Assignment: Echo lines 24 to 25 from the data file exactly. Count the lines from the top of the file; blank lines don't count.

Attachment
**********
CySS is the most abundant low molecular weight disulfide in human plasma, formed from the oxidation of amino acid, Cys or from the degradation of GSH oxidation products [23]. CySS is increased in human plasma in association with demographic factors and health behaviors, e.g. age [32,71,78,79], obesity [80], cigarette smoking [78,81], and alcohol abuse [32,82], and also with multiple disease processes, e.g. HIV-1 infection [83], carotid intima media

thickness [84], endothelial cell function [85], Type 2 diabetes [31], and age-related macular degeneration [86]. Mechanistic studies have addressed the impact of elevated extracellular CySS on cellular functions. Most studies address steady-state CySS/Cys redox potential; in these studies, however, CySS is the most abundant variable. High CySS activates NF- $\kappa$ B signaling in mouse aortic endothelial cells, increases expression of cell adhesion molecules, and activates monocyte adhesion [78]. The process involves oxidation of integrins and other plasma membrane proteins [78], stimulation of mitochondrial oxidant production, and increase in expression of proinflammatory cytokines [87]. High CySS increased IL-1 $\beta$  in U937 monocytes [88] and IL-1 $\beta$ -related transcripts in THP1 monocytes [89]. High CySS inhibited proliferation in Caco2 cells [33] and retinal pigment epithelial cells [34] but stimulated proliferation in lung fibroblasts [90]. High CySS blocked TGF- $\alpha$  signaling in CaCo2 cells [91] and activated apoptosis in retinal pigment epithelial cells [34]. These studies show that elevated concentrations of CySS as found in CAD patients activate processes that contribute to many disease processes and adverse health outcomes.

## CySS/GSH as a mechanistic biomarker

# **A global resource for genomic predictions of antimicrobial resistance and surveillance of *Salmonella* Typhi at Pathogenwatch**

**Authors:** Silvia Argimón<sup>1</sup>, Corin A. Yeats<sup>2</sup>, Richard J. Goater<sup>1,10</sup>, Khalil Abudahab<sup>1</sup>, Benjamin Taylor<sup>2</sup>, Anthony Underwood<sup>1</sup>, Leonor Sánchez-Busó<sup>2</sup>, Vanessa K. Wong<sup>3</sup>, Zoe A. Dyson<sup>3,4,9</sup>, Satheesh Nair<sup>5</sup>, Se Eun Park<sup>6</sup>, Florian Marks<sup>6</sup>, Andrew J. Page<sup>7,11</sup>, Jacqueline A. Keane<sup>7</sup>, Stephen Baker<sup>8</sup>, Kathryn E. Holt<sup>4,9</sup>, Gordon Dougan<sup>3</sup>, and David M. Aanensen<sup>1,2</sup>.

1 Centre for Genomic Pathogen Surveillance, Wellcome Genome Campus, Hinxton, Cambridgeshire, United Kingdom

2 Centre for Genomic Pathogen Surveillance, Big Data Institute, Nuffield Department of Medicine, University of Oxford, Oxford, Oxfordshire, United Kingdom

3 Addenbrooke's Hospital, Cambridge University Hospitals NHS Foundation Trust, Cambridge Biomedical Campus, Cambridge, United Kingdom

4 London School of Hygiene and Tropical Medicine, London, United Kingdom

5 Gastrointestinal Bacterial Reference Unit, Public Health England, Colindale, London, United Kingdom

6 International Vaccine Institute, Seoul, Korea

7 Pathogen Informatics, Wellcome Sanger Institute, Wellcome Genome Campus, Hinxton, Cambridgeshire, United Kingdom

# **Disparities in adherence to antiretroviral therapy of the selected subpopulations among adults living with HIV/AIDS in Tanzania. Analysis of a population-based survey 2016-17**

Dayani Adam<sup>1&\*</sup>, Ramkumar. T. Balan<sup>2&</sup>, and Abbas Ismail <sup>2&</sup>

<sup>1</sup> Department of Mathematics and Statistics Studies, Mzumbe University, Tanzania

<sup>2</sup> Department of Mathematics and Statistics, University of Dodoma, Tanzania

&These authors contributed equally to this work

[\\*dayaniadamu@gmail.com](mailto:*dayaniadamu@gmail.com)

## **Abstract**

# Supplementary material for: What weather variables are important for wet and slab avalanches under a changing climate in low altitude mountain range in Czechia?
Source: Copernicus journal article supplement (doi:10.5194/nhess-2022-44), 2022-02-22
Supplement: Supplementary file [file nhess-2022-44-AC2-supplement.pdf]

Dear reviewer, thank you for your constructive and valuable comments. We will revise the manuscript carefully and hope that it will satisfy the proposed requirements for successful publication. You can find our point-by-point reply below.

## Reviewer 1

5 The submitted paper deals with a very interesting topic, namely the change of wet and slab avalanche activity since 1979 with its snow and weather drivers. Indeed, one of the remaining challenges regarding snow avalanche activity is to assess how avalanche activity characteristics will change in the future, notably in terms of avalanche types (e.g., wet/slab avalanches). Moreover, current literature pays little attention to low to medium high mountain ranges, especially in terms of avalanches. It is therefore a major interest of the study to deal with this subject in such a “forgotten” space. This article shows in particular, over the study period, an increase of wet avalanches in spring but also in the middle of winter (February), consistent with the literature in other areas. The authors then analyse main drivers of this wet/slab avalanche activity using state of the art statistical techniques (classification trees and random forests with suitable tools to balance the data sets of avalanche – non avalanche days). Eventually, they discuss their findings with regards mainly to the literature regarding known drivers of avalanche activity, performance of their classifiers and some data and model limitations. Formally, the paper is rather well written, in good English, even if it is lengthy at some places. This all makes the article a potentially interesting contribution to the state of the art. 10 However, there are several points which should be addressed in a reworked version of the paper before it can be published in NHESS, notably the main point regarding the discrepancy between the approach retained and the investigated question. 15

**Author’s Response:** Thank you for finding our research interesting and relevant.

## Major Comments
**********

## Reviewer 1

5 The submitted paper deals with a very interesting topic, namely the change of wet and slab avalanche activity since 1979 with its snow and weather drivers. Indeed, one of the remaining challenges regarding snow avalanche activity is to assess how avalanche activity characteristics will change in the future, notably in terms of avalanche types (e.g., wet/slab avalanches). Moreover, current literature pays little attention to low to medium high mountain ranges, especially in terms of avalanches. It is therefore a major interest of the study to deal with this subject in such a “forgotten” space. This article shows in particular, over the study period, an increase of wet avalanches in spring but also in the middle of winter (February), consistent with the literature in other areas. The authors then analyse main drivers of this wet/slab avalanche activity using state of the art statistical techniques (classification trees and random forests with suitable tools to balance the data sets of avalanche – non avalanche days). Eventually, they discuss their findings with regards mainly to the literature regarding known drivers of avalanche activity, performance of their classifiers and some data and model limitations. Formally, the paper is rather well written, in good English, even if it is lengthy at some places. This all makes the article a potentially interesting contribution to the state of the art. 10 However, there are several points which should be addressed in a reworked version of the paper before it can be published in NHESS, notably the main point regarding the discrepancy between the approach retained and the investigated question. 15